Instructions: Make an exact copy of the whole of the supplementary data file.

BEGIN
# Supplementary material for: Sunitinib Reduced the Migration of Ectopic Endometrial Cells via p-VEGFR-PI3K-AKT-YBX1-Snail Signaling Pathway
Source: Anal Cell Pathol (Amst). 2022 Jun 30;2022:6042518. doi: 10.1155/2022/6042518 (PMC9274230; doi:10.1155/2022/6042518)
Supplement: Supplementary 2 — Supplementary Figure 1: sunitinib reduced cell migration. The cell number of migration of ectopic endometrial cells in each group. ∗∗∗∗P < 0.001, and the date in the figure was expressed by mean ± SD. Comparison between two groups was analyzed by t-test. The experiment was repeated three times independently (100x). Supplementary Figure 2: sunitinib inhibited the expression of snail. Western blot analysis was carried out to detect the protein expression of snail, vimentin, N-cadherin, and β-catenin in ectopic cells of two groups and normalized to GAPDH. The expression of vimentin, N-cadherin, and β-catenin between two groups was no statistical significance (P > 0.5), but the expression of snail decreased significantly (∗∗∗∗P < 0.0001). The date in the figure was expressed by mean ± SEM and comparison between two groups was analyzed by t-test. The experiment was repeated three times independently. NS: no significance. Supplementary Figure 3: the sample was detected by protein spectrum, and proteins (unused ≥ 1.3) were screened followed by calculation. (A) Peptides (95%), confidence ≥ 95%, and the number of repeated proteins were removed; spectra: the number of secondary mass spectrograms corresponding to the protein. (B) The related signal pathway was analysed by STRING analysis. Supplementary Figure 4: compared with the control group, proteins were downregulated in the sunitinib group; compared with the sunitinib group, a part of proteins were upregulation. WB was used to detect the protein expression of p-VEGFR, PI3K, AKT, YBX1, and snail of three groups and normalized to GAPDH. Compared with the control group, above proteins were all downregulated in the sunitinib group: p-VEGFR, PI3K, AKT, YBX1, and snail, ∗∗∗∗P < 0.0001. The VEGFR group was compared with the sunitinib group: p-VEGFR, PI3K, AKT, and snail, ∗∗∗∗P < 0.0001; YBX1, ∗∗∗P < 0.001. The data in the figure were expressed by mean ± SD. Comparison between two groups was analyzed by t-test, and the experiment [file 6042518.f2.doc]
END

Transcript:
# Supplementary material for: Sunitinib Reduced the Migration of Ectopic Endometrial Cells via p-VEGFR-PI3K-AKT-YBX1-Snail Signaling Pathway
Source: Anal Cell Pathol (Amst). 2022 Jun 30;2022:6042518. doi: 10.1155/2022/6042518 (PMC9274230; doi:10.1155/2022/6042518)
Supplement: Supplementary 2 — Supplementary Figure 1: sunitinib reduced cell migration. The cell number of migration of ectopic endometrial cells in each group. ∗∗∗∗P < 0.001, and the date in the figure was expressed by mean ± SD. Comparison between two groups was analyzed by t-test. The experiment was repeated three times independently (100x). Supplementary Figure 2: sunitinib inhibited the expression of snail. Western blot analysis was carried out to detect the protein expression of snail, vimentin, N-cadherin, and β-catenin in ectopic cells of two groups and normalized to GAPDH. The expression of vimentin, N-cadherin, and β-catenin between two groups was no statistical significance (P > 0.5), but the expression of snail decreased significantly (∗∗∗∗P < 0.0001). The date in the figure was expressed by mean ± SEM and comparison between two groups was analyzed by t-test. The experiment was repeated three times independently. NS: no significance. Supplementary Figure 3: the sample was detected by protein spectrum, and proteins (unused ≥ 1.3) were screened followed by calculation. (A) Peptides (95%), confidence ≥ 95%, and the number of repeated proteins were removed; spectra: the number of secondary mass spectrograms corresponding to the protein. (B) The related signal pathway was analysed by STRING analysis. Supplementary Figure 4: compared with the control group, proteins were downregulated in the sunitinib group; compared with the sunitinib group, a part of proteins were upregulation. WB was used to detect the protein expression of p-VEGFR, PI3K, AKT, YBX1, and snail of three groups and normalized to GAPDH. Compared with the control group, above proteins were all downregulated in the sunitinib group: p-VEGFR, PI3K, AKT, YBX1, and snail, ∗∗∗∗P < 0.0001. The VEGFR group was compared with the sunitinib group: p-VEGFR, PI3K, AKT, and snail, ∗∗∗∗P < 0.0001; YBX1, ∗∗∗P < 0.001. The data in the figure were expressed by mean ± SD. Comparison between two groups was analyzed by t-test, and the experiment [file 6042518.f2.doc]